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Lack of specialist services prevents good GP beta blocker care

GPs are struggling to deliver appropriate beta-blocker treatment to everyone who needs it, partly because of lack of access to good-quality specialist services, researchers warn.

An audit of 152 general practices showed that in 2005, only 30% of men and 20% of women with heart failure were prescribed bisoprolol, carvedilol, metoprolol, and nebivolol.

A further 12% of men and women in the study of more than 7,000 patients were prescribed beta-blockers not recommended by guidelines, such as atenolol.

The researchers said there was scope for an additional 45% of patients with heart failure to be prescribed [beta]-blockers - 155,000 extra across the UK – with the potential to prevent 7,800 deaths and 9,750 hospital admissions every year.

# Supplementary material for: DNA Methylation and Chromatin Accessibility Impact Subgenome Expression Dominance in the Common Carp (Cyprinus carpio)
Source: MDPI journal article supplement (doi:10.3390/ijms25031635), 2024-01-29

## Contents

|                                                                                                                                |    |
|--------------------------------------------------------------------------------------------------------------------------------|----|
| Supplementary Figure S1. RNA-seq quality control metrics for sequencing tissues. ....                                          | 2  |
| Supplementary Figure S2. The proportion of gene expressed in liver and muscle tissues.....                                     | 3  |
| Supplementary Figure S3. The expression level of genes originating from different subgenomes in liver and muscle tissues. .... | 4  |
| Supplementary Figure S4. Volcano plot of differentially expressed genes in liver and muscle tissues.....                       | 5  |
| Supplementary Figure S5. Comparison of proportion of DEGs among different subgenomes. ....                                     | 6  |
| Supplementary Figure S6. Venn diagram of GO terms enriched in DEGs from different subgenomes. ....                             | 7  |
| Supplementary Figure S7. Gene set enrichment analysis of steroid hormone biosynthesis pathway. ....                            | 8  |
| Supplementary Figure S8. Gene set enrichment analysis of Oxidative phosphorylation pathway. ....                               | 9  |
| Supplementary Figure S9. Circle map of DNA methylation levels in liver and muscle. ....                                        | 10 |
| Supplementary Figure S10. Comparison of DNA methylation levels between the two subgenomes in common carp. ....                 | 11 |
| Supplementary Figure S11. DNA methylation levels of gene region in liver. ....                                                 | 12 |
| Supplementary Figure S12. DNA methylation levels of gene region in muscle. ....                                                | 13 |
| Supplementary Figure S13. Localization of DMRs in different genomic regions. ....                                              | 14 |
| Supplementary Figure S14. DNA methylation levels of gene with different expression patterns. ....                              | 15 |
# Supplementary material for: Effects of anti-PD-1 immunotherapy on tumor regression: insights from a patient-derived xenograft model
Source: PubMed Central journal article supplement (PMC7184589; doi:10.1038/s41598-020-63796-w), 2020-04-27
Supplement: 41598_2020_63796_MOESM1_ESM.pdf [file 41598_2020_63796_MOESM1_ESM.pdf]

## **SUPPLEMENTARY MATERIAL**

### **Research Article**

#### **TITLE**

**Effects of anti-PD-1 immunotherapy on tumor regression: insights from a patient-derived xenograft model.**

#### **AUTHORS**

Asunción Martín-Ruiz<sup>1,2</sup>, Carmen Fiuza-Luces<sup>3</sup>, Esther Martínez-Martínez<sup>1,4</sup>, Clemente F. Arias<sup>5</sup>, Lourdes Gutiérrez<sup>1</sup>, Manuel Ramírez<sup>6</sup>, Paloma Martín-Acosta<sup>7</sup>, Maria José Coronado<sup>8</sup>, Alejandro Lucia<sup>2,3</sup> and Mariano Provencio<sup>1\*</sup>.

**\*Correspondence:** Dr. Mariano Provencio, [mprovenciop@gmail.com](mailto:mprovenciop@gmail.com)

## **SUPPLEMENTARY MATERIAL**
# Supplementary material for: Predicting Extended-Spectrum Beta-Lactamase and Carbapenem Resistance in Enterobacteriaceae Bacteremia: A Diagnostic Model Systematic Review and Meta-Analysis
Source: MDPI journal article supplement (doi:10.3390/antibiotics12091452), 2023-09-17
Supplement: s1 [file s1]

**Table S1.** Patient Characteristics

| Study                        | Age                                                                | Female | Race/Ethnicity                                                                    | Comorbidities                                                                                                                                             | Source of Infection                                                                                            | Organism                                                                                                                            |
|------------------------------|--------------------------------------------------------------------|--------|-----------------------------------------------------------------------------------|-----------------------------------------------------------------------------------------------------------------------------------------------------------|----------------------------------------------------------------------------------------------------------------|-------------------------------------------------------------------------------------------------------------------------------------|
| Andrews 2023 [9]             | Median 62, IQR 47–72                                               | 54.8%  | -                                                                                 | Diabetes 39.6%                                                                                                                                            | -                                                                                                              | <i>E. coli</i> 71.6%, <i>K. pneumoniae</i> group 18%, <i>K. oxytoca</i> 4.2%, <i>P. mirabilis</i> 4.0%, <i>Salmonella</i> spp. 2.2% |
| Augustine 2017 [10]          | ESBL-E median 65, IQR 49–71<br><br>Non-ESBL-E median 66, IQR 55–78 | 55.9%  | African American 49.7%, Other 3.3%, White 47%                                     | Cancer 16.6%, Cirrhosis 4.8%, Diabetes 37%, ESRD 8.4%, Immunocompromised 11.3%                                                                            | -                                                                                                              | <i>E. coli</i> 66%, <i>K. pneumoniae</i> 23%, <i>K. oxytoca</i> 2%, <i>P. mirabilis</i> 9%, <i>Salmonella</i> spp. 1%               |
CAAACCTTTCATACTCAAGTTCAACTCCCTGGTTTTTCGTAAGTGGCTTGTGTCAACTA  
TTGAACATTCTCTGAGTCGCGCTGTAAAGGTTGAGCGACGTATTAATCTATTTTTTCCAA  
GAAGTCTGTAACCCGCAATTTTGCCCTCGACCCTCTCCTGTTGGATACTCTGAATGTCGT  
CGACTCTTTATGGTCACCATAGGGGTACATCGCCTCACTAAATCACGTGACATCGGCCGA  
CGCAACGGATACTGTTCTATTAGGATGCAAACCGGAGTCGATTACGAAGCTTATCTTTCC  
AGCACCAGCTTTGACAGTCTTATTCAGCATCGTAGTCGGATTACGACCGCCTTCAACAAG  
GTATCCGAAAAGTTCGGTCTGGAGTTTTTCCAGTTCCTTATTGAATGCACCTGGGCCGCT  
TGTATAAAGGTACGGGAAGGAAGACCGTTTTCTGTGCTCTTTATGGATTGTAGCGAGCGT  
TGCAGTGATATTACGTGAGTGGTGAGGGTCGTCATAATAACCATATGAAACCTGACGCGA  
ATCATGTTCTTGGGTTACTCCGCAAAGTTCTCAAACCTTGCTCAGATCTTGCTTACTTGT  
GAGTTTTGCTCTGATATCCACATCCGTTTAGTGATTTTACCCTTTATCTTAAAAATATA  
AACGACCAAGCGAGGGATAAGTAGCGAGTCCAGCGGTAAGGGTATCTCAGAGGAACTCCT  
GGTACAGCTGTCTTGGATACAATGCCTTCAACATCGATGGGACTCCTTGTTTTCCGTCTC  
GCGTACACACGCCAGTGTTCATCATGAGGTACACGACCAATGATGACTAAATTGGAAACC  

But the study, in the December issue of the British Journal of General Practice, did find there had been improvement in prescribing since 2000, when only 6% of men and 4% of women with heart failure were on [beta]-blockers.

Study leader, Dr Sunil Shah, senior lecturer in the Department of Community Health Sciences from St Georges University Medical School in London said fear of side-effects was one of the barriers to widespread use of the drugs.

‘The main message is that there is still significant potential for improving care for patients with heart failure through increased appropriate use of [beta]-blockers. GPs should not be solely responsible for delivering this improvement as PCTs, hospitals and specialist services have an important part to play.'

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